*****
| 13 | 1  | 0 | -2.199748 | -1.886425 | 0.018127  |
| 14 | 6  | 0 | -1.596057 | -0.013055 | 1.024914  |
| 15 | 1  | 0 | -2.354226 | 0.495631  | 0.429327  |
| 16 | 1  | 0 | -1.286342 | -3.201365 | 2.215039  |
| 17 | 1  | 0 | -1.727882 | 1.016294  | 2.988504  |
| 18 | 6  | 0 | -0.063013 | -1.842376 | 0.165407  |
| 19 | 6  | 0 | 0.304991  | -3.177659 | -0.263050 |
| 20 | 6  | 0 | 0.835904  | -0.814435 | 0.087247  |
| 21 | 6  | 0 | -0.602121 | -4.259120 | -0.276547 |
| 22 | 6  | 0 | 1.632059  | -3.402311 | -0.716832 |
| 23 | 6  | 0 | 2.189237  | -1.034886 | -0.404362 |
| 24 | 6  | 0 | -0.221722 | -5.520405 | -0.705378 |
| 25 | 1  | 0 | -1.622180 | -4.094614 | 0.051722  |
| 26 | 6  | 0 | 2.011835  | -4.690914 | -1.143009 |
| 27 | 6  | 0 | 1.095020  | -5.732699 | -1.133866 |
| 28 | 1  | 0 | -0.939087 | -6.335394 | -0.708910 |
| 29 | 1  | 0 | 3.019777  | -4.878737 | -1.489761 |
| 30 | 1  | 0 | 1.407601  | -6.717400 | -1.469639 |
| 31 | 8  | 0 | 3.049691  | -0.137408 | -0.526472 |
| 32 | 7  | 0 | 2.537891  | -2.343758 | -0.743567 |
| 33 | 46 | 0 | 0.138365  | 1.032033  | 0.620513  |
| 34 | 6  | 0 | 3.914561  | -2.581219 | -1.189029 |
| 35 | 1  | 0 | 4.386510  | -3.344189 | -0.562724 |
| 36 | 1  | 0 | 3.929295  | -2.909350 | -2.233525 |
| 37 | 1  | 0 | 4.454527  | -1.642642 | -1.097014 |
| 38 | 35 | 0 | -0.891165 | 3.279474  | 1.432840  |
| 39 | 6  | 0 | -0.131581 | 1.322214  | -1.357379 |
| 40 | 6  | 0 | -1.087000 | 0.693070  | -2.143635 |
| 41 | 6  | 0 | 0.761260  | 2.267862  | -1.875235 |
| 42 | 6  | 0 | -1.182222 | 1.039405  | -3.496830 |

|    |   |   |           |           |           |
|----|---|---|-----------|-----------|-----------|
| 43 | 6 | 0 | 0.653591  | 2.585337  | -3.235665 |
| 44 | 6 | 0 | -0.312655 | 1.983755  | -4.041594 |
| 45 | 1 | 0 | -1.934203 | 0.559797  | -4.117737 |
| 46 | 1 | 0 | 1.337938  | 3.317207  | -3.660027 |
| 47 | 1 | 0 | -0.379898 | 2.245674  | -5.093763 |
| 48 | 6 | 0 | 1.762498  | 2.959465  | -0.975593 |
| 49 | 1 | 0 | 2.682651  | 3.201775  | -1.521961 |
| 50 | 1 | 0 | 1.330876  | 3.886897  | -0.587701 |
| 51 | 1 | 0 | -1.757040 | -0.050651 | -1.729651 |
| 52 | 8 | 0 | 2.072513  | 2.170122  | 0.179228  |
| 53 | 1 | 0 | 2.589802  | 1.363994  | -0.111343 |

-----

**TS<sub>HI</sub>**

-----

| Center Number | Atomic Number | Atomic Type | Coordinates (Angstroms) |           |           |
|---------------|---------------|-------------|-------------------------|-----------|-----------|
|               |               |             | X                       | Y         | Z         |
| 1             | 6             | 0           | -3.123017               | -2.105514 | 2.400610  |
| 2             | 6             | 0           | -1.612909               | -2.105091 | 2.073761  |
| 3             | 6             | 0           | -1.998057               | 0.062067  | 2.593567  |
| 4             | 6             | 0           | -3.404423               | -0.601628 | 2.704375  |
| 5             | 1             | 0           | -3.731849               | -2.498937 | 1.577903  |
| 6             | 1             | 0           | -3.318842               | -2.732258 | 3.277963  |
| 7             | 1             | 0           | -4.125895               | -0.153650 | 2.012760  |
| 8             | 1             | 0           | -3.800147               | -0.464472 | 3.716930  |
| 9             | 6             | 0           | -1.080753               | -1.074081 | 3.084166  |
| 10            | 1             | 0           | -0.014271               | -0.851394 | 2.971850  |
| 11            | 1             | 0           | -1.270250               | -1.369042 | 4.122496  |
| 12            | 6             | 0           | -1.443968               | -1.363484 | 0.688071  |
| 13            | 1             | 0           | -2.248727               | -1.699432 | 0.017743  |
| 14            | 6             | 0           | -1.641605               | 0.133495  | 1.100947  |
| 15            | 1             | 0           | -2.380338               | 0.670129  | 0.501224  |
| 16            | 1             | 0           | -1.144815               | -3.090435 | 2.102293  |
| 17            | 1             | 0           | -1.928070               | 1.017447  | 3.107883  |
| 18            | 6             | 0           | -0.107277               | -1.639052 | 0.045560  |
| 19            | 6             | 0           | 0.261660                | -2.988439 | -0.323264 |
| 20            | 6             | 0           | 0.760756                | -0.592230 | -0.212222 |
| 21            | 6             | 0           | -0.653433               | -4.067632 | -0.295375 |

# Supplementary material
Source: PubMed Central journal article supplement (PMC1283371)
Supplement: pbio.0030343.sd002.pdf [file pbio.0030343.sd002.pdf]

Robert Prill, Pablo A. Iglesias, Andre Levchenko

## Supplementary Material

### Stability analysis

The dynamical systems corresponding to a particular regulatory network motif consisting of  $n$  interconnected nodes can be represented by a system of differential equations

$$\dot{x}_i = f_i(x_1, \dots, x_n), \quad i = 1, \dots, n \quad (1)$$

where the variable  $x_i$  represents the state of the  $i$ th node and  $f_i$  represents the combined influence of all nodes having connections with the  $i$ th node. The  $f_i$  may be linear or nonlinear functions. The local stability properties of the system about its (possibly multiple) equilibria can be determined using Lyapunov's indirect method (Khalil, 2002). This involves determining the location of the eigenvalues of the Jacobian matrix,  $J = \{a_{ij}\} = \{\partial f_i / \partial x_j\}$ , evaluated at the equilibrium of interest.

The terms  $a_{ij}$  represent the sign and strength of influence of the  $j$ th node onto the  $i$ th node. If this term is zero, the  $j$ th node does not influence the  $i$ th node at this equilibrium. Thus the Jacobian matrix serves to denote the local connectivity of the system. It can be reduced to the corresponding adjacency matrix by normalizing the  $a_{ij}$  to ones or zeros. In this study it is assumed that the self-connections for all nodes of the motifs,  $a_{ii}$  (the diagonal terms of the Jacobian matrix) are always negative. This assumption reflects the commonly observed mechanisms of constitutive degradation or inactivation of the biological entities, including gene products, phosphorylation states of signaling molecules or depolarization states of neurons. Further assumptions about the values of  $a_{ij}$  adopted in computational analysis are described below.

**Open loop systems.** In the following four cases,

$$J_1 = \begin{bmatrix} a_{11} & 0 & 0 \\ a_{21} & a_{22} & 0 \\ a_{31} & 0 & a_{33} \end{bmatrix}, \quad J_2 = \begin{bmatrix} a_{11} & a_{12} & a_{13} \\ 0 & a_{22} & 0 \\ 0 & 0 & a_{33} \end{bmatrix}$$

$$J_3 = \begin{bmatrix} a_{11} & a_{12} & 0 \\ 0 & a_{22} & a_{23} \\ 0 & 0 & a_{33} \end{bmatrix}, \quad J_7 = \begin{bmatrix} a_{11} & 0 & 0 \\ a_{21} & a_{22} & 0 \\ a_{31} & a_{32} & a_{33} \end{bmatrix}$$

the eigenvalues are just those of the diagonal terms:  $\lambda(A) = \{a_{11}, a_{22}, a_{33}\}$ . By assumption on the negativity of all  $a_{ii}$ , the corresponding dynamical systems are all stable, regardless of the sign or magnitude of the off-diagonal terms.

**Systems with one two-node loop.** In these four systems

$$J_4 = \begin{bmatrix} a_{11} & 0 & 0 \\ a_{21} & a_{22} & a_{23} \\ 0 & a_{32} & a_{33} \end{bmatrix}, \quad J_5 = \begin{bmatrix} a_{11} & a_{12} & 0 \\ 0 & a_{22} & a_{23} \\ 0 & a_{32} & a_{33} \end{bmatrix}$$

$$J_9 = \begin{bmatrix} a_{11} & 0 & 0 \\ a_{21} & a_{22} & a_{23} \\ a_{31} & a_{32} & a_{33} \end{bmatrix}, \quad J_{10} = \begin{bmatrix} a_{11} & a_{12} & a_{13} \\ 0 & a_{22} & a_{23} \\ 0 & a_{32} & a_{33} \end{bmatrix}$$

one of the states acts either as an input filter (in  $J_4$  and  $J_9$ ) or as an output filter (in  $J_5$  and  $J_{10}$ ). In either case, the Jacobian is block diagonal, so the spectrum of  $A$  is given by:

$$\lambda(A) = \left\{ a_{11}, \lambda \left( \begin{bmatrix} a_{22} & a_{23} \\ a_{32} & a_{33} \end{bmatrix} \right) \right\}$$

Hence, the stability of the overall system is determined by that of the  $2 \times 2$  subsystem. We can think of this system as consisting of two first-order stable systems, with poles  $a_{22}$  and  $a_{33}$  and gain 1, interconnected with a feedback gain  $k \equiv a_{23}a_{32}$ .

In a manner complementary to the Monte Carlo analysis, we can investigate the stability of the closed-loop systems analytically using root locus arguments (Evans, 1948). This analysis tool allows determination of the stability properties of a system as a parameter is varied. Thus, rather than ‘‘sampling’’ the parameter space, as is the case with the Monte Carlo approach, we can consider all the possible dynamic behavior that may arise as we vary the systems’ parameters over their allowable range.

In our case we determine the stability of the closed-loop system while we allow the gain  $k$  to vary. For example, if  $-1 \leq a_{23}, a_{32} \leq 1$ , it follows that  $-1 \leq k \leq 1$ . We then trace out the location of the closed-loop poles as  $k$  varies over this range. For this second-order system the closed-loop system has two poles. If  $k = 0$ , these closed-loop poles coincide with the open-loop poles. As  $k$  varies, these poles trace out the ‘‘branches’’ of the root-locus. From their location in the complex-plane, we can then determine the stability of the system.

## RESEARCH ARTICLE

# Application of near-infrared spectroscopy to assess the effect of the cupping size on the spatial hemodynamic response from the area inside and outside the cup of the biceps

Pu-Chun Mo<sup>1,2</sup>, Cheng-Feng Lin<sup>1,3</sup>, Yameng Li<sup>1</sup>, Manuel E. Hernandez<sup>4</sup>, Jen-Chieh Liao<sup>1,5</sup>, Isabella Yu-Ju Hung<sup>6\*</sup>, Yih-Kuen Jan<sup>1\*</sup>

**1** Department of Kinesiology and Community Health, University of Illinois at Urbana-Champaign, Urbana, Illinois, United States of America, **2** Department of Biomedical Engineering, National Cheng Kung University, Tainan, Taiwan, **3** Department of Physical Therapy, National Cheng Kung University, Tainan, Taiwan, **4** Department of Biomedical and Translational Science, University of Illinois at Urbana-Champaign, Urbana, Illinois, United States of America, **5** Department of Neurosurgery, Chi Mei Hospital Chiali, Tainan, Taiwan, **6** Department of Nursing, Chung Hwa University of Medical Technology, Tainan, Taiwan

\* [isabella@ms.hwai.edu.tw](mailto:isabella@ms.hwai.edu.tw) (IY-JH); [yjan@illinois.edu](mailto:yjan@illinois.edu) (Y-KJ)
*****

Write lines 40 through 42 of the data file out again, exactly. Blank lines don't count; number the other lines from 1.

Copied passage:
| 50 | 1 | 0 | 1.330876  | 3.886897  | -0.587701 |
| 51 | 1 | 0 | -1.757040 | -0.050651 | -1.729651 |
| 52 | 8 | 0 | 2.072513  | 2.170122  | 0.179228  |